Type 2 diabetes drug cost-effective for cardiovascular and kidney benefits, finds Australian study

Type 2 diabetes drug cost-effective for cardiovascular and kidney benefits, finds new study
Schematic of the model. The model begins on 1 January 2020 with the entire population with type 2 diabetes in Australia. Each cycle (1 year), people with type 2 diabetes are at risk for MI, stroke, HF, ESKD and death, with the number experiencing each event in the cycle tracked. If an individual experiences an event they have not had before, they then transition to the relevant health state (straight black arrows). If an individual does not experience an event, or experiences only the event of the type they have previously had, they remain in the same health state for the next cycle (circular arrows). There are 17 possible health states, represented as either absence of all of MI, stroke, HF and ESKD (i.e. people with type 2 diabetes not contained within the Venn diagram), any combination of these four outcomes (the 15 spaces within the Venn diagram), or death. Additionally, at each cycle, a population with incident type 2 diabetes is added, who enter the model in their respective health states. Credit: Diabetologia (2022). DOI: 10.1007/s00125-022-05832-0

Medication that helps reduce a person's risk of developing cardiovascular and kidney disease is a cost-effective option to treat Australia's entire population of people with type 2 diabetes, a new study has found.

The study, a collaboration between Monash University and the Baker Heart and Diabetes Institute, analyzed the cardiovascular and kidney health benefits of sodium-glucose co-transporter 2 inhibitors (SGLT2is)—taking into account the for government.

The medication is well known for lowering blood glucose levels in people with type 2 .

But lead researcher Jedidiah Morton, from the Center for Medicine Use and Safety at the Monash Institute of Pharmaceutical Sciences, said this is the first study he is aware of that has explored whether SGLT2is are cost-effective treatments when considering only their cardiovascular and kidney benefits.

"People living with type 2 diabetes are at high risk of heart attacks, stroke, and end-stage kidney disease, but some medicines that target these critical health conditions are not currently subsidized for everyone at risk," Morton said.

"Pharmaceutical Benefit Scheme criteria restrict subsidized use of SGLT2is to people who have 'uncontrolled' glucose, potentially limiting access to people who could benefit," he said.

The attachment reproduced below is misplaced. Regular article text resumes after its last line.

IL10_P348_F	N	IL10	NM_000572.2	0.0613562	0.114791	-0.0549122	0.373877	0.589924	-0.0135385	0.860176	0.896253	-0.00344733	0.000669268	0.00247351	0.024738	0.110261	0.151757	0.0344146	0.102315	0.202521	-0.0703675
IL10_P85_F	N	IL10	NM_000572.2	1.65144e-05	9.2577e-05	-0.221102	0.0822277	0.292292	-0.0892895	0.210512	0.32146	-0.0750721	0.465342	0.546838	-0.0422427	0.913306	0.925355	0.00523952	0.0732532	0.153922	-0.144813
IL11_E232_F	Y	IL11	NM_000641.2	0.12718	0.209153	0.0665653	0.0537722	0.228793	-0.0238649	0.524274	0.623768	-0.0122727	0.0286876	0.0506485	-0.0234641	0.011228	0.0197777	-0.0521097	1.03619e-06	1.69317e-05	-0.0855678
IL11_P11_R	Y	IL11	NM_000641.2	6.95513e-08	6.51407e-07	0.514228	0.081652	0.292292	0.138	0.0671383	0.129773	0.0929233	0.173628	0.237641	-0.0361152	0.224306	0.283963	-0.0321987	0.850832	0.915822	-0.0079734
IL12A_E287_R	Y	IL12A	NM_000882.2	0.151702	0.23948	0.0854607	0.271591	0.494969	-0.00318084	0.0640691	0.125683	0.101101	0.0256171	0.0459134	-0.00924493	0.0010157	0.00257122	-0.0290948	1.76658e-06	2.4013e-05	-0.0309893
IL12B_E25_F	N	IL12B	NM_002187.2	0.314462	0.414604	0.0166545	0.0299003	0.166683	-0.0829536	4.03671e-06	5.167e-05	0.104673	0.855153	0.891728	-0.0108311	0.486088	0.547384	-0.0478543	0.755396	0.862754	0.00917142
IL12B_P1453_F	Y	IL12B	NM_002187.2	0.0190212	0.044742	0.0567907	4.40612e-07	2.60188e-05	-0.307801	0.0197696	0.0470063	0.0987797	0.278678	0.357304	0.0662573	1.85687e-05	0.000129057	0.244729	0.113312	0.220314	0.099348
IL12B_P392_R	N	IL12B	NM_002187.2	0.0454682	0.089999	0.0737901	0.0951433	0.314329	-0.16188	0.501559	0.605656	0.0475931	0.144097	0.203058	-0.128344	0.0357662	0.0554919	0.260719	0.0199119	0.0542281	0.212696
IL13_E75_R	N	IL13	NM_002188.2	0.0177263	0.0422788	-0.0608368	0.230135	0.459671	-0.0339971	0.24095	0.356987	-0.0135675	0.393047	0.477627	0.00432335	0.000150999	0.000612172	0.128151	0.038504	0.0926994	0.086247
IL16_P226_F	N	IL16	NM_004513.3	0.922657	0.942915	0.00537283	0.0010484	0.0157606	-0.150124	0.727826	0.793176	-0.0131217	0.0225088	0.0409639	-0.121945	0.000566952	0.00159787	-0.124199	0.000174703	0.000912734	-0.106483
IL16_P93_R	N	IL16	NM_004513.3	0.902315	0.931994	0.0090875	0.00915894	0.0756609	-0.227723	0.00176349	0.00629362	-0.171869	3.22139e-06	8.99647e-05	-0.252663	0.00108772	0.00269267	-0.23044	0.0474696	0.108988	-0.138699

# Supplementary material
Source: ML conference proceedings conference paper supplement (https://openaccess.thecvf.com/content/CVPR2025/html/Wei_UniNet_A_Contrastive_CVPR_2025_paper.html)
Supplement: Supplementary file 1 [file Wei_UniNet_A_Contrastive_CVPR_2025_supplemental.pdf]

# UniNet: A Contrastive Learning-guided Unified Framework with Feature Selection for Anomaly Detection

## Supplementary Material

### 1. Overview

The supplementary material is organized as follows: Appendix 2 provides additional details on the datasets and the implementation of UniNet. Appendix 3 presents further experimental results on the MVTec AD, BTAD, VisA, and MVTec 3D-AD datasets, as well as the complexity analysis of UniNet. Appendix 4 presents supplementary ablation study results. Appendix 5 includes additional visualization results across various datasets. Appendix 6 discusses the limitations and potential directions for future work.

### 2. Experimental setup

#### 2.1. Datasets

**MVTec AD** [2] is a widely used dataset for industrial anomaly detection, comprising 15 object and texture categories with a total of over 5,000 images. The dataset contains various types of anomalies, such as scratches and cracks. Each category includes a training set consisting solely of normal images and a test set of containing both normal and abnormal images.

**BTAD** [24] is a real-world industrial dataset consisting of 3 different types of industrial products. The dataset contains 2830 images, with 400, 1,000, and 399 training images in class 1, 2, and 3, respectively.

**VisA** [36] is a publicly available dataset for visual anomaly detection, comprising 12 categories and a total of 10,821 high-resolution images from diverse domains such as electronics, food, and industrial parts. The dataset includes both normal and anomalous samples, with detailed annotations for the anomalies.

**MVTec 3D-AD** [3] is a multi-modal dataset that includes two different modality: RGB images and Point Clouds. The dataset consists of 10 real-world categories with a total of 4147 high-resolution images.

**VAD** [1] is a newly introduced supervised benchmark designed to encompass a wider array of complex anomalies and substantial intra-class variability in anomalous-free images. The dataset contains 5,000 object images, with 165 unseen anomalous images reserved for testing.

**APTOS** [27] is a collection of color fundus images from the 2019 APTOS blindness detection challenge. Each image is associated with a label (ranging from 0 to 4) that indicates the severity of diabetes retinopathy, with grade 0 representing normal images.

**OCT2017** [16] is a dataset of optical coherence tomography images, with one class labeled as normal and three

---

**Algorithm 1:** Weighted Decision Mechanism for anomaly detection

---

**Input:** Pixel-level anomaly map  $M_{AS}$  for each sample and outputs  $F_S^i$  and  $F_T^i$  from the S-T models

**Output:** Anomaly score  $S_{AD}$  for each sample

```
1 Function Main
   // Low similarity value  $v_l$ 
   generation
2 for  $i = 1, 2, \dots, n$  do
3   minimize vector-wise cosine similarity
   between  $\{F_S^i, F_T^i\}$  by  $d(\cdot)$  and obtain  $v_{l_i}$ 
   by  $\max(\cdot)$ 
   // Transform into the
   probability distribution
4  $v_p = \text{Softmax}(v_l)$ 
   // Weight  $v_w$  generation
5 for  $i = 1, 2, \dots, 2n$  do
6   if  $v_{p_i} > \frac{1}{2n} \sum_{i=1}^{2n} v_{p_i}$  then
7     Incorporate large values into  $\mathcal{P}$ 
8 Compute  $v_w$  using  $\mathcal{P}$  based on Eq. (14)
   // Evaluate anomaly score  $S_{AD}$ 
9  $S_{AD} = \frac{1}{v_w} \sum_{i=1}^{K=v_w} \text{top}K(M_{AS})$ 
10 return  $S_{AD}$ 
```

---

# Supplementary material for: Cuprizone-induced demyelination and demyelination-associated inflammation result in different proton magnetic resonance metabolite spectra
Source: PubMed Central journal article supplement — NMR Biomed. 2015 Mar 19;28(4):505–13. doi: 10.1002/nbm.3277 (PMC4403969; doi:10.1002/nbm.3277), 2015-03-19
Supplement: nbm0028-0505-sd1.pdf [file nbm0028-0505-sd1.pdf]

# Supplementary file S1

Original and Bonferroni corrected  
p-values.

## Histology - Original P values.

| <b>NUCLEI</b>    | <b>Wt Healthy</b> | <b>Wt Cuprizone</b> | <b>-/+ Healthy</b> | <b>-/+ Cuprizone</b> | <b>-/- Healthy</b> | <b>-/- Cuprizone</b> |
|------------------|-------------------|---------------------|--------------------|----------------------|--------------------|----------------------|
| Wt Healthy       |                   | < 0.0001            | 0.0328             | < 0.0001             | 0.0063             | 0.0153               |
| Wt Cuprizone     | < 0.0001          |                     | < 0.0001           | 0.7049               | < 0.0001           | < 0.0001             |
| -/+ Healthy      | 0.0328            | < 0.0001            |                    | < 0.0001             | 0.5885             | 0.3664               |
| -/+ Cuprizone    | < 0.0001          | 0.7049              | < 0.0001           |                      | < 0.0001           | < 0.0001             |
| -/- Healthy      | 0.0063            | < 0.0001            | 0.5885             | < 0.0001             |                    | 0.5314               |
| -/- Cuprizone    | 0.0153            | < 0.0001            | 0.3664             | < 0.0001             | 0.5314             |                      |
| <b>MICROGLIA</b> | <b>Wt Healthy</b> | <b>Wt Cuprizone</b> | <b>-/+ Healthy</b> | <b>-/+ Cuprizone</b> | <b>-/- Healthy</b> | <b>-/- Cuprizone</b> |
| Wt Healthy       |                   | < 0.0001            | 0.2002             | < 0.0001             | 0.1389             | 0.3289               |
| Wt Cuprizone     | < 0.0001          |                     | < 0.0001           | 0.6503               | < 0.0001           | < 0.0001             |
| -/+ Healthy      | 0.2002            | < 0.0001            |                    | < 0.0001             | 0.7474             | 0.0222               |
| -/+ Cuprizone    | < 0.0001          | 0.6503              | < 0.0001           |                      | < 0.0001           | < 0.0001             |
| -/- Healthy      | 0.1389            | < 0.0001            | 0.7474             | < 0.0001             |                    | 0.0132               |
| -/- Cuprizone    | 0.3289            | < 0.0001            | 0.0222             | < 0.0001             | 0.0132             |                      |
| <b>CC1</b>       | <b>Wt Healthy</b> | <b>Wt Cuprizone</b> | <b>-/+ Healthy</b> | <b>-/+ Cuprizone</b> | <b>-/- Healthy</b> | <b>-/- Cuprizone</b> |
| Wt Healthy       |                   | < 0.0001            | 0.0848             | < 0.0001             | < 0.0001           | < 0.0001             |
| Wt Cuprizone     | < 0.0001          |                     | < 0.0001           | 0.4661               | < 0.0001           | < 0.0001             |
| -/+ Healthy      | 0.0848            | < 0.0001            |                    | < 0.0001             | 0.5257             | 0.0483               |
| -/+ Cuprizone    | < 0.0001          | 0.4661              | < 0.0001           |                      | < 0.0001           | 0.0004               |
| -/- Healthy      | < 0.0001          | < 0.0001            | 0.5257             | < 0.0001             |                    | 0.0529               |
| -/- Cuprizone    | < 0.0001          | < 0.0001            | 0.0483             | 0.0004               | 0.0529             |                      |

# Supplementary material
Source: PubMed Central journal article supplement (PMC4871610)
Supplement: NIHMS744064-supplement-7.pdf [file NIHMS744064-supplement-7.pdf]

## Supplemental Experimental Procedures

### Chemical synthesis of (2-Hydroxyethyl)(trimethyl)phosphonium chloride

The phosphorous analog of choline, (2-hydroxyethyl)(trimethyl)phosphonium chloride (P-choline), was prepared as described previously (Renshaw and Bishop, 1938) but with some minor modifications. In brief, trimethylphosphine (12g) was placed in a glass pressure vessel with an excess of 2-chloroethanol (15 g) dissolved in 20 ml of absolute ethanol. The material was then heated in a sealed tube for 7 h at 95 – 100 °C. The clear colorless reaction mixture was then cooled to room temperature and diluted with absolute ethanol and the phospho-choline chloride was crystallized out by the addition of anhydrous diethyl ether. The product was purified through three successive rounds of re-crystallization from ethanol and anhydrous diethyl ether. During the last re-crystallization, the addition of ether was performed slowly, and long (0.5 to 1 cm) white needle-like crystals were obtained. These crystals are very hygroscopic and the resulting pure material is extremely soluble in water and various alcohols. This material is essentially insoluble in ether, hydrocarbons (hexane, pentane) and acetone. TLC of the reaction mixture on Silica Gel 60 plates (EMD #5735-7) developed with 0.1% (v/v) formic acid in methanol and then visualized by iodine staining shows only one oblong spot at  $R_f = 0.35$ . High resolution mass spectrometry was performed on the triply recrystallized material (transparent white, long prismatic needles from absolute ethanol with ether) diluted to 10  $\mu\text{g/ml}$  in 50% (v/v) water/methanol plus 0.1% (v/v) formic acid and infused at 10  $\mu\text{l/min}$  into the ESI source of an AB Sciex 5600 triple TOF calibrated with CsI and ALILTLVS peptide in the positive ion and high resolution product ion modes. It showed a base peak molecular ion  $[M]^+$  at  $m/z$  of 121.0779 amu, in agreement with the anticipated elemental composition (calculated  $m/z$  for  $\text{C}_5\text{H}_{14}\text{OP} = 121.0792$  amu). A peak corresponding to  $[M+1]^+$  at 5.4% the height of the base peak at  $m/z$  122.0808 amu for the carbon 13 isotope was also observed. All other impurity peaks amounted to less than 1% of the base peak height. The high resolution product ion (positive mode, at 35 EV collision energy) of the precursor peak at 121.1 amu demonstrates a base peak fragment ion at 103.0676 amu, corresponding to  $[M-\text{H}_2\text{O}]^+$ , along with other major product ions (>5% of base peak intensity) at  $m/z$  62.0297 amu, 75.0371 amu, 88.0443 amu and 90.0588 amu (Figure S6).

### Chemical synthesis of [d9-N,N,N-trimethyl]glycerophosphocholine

The Monash and Baker Institute study, published in the European journal Diabetologia, found that SGLT2is are a cost-effective option to treat all people living with type 2 diabetes, regardless of whether or not they have challenges managing their .

Clinical guidelines recognizing the benefits of SGLT2i in terms of preventing and kidney disease were updated in 2019.

In light of the study's results around the medication's cost-effectiveness, the Pharmaceutical Benefits Scheme could potentially review and consider prescribing criteria for SGLT2is, said Associate Professor Zanfina Ademi, a senior author on the study.

"However, the government will also need to balance the cost and benefits of treatments relating to different health problems when making resource allocation decisions at the population level," she said.

According to Diabetes Australia, almost 1.9 million people are currently living with diabetes including an estimated 500,000 people with silent, undiagnosed type 2 diabetes.

Diabetes Australia Group CEO Justine Cain said the findings could be good news for people living with type 2 diabetes.

"Kidney and are two of the most common diabetes-related complications with around 380,000 Australians living with and/or cardiovascular disease as well as diabetes," Cain said.

"So it's important that more Australians can access medicines like these to help them live well and reduce the impact of diabetes-related complications on our health system."

Head of Diabetes and Population Health at the Baker Institute, Professor Dianna Magliano, said, "With the increase in the number of people with diabetes and/or with a longer duration of diabetes we may see a higher incidence of diabetes-specific complications such as kidney failure and cardiovascular disease.

"We therefore need to look at ways to address rising healthcare costs and to improve quality of life for people with type 2 diabetes."

More information: Jedidiah I. Morton et al, Projecting the incidence and costs of major cardiovascular and kidney complications of type 2 diabetes with widespread SGLT2i and GLP-1 RA use: a cost-effectiveness analysis, Diabetologia (2022). DOI: 10.1007/s00125-022-05832-0

Journal information: Diabetologia

Provided by Monash University
Citation: Type 2 diabetes drug cost-effective for cardiovascular and kidney benefits, finds Australian study (2022, December 1) retrieved 27 March 2023 from https://medicalxpress.com/news/2022-12-diabetes-drug-cost-effective-cardiovascular-kidney.html
This document is subject to copyright. Apart from any fair dealing for the purpose of private study or research, no part may be reproduced without the written permission. The content is provided for information purposes only.

Explore further

Diabetes medicine decreases cardiovascular risk in adults with chronic kidney disease


Feedback to editors